One of my favorite things about Chicago is the array of dining options. I love going out and seeing what the chefs of this great city are doing with food. It is exciting to see the creativity that these individuals possess when it comes to new ways of viewing ingredients and recipes that have been around for generations. But every now and then I have to wonder: has creativity gone too far?
A friend of mine brought this to my attention the other day when presented with a seasonal beer list, which included pumpkin beer (of course). We started discussing how far things have come from the original. My friend (who is not in the food industry) was adamant that they had come too far, and that the classics were being lost. “Coffee should taste like coffee, beer should taste like beer and creme brulee should taste like creme brulee” (exact quote). This made me think about all the menus that I had looked at over the last several months, and I realized that indeed you rarely see classic dishes any more that have not been tampered with or tweaked in some way. Or if you do, the restaurant is often seen as outdated or the chef is considered uncreative.
Fundamentally I realize that the only way to push the envelope with food is to start with a base and then change it. This is why you will find even ethnic cuisine chefs have been classically French trained. There is a culinary foundation that you must possess in order to be successful in a kitchen brigade, and the French have perfected that training. Then why is it that if someone can execute a classic dish to perfection, without some new different twist, that many find it… boring?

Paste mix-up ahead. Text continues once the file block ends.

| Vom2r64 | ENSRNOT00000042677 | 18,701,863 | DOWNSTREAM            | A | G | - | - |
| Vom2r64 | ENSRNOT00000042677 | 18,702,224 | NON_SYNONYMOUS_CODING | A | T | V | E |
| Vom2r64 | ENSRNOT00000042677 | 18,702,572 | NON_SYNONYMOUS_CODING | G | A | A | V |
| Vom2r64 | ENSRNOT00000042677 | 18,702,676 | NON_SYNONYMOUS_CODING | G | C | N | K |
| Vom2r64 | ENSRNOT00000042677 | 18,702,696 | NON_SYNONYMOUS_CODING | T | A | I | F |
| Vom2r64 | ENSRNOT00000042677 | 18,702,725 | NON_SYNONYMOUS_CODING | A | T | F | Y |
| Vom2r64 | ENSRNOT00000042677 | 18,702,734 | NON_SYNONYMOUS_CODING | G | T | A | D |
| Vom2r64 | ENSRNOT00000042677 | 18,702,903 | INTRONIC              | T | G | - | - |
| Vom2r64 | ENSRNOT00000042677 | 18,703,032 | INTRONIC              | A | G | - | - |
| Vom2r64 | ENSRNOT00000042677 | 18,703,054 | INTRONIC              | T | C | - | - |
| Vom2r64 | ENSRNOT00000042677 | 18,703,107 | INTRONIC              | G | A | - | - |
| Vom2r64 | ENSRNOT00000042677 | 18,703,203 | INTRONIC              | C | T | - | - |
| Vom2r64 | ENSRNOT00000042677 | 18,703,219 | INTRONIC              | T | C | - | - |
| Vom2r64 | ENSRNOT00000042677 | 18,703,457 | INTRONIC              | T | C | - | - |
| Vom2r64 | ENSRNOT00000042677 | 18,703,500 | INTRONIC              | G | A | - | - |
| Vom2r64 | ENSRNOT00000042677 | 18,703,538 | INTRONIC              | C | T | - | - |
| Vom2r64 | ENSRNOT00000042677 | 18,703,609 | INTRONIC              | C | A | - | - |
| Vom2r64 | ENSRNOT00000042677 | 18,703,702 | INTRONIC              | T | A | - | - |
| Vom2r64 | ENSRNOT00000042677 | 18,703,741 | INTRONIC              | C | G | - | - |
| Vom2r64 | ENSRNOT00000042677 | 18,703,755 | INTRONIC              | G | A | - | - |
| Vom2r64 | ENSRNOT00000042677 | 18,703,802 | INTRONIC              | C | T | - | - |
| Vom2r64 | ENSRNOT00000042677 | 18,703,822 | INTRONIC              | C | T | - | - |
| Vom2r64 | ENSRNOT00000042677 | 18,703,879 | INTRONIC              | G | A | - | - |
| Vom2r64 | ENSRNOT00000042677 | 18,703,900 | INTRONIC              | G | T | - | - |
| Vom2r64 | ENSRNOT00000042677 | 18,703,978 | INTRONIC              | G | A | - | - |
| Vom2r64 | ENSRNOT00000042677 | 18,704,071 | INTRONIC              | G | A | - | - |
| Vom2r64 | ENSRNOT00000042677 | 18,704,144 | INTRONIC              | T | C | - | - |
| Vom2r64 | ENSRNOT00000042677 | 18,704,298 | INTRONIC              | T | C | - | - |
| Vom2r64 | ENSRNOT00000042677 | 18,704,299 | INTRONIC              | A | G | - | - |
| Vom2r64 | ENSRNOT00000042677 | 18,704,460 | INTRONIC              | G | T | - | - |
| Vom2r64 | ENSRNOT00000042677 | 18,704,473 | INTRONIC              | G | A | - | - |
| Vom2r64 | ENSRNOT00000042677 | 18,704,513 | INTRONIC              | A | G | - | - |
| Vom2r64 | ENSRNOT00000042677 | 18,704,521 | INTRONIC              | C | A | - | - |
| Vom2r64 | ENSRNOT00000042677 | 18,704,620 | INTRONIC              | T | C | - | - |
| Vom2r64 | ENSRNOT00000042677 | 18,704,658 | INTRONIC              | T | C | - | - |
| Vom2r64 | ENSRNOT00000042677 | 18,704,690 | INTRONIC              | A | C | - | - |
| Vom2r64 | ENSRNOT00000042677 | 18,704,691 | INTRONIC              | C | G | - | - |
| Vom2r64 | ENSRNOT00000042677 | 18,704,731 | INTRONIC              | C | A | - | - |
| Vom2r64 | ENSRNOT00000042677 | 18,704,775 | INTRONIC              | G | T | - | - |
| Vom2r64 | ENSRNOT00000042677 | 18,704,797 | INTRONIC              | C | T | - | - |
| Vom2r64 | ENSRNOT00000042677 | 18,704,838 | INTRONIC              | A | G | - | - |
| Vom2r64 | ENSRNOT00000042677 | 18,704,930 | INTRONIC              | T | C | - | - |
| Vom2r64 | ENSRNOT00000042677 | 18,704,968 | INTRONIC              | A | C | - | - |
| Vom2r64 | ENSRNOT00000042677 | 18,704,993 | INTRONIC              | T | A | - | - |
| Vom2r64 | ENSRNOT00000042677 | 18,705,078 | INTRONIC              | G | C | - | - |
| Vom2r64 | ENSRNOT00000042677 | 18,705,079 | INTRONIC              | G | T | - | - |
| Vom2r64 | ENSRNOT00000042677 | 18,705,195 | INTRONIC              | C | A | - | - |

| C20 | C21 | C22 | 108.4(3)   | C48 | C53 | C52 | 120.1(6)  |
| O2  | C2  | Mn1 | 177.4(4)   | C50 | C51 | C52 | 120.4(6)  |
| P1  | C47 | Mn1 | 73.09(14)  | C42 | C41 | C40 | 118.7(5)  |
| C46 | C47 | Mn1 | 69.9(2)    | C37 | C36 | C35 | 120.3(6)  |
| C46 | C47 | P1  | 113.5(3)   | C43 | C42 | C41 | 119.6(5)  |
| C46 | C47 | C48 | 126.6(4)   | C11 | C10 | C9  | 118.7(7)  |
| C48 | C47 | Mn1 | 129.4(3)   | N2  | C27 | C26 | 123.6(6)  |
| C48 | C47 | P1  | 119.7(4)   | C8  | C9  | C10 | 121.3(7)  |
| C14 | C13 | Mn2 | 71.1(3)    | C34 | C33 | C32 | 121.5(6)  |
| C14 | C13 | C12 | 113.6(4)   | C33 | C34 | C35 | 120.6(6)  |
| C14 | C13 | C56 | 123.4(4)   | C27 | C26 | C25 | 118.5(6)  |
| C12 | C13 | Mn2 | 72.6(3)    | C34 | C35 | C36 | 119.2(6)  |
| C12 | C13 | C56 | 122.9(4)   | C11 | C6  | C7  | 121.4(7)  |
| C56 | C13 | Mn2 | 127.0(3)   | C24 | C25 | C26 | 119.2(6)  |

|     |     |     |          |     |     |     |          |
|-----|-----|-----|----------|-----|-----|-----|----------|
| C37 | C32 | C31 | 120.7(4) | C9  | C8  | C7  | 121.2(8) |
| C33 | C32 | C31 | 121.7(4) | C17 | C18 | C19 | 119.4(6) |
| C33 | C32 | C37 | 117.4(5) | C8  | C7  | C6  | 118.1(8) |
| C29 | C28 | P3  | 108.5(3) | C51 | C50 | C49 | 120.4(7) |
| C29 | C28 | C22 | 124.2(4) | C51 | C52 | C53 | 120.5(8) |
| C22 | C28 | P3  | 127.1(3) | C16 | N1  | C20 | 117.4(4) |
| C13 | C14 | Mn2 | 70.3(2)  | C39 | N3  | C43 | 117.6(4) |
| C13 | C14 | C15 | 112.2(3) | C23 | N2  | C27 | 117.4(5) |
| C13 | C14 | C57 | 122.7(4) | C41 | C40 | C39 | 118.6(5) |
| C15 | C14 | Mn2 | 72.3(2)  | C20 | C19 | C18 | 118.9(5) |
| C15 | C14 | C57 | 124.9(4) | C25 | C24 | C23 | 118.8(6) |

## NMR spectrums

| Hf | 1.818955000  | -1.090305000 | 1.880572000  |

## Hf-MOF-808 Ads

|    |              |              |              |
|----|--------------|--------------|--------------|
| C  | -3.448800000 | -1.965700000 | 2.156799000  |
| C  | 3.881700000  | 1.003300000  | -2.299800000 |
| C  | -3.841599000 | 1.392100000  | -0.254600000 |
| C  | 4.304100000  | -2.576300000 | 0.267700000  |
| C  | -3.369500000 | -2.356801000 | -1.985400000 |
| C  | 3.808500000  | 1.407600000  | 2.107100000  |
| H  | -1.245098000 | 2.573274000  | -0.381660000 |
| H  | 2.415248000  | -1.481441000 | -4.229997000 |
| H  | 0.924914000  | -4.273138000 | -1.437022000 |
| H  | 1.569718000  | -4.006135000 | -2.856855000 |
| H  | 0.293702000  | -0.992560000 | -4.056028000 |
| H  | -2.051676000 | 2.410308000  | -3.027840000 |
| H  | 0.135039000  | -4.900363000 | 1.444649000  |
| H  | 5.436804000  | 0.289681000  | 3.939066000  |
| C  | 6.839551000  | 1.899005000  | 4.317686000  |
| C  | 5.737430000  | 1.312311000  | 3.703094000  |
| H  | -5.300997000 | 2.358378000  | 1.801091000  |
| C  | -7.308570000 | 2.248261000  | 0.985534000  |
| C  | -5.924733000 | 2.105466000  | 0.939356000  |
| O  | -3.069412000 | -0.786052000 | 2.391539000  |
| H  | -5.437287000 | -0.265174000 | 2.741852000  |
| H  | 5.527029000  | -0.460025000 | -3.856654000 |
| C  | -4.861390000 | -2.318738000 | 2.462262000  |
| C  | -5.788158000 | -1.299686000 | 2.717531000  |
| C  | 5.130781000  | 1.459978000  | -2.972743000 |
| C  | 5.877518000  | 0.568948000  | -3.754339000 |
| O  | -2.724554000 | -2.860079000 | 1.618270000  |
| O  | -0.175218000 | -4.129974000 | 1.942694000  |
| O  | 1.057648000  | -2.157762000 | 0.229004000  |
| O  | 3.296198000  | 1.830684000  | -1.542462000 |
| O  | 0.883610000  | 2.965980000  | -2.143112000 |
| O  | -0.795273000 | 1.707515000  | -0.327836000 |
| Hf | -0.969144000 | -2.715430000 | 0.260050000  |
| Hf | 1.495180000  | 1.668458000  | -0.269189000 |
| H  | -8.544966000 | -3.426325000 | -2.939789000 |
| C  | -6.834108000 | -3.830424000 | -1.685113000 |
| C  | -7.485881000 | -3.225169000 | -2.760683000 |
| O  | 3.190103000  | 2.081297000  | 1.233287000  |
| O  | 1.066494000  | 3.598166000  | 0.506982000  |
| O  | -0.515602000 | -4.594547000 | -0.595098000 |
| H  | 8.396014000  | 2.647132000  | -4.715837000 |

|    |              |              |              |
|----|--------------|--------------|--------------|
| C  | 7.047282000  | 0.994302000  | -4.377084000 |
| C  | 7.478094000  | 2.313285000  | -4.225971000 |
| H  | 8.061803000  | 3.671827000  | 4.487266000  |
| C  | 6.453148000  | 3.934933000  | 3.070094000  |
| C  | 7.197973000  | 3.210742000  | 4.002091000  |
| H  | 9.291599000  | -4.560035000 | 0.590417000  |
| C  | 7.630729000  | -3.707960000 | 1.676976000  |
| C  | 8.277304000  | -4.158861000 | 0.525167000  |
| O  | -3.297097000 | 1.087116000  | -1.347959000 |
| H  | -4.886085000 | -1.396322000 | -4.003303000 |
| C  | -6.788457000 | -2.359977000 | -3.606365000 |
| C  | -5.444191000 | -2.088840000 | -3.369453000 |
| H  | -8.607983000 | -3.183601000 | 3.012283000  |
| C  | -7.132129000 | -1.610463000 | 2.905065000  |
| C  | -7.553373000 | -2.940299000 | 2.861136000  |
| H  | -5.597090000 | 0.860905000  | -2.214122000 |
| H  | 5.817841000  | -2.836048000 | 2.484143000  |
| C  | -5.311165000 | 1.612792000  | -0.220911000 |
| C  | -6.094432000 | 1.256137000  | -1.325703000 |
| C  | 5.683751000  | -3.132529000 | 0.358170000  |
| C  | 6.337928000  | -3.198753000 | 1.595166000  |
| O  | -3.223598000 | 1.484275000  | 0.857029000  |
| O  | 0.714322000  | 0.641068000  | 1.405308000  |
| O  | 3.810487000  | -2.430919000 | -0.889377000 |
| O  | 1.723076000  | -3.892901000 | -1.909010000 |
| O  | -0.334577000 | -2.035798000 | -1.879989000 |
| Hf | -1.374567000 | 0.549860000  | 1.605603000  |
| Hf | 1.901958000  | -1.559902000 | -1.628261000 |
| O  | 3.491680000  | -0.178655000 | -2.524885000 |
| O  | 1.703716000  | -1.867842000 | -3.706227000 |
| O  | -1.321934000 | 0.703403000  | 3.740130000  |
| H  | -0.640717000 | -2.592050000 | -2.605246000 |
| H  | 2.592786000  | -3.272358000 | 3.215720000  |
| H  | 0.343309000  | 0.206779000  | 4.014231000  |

That night my friend and I ordered profiteroles from the dessert menu, as we tried to stay with the classic theme. And they were beautiful and perfect and delicious: pâte à choux, chocolate sauce, vanilla ice cream. Period.
A few weeks later, I went to dinner with another friend and I ordered a plain creme brulee out of sheer curiosity. I forgot how much I liked plain creme brule until I ate this one.
I then went out with another friend and ordered a simple roasted pork dish. Nothing fancy. Just meat roasted to perfection with no bells and whistles. I had not been that happy with an entree in some time.
This got me to thinking about my travels. I have many fond memories of elaborate, two and three Michelin Star dinners or “fancy” restaurants. I am actually a large proponent of molecular gastronomy because, quite frankly, it’s just… cool. But then I start to remember other meals: the simple barbecued meat sold by the pound, served on layers of brown paper with white bread or crackers and no utensils in Lockhart, Texas. The unadulterated tuna nigiri on the California coast. The creamy clam chowder in Boston. The perfect, fresh oysters in Brittany. The best Boeuf Bourguignon I’ve ever had in Dijon, or the simple escargot in garlic butter there.
I realize that I often remember the classics that many see as outdated as well as the new and inventive. So, while I’m not saying that we should not reinvent dishes as chefs (where would the food industry be without a little reinvention of the wheel?), I’m simply saying that sometimes the creme brulee should simply taste like creme brulee.
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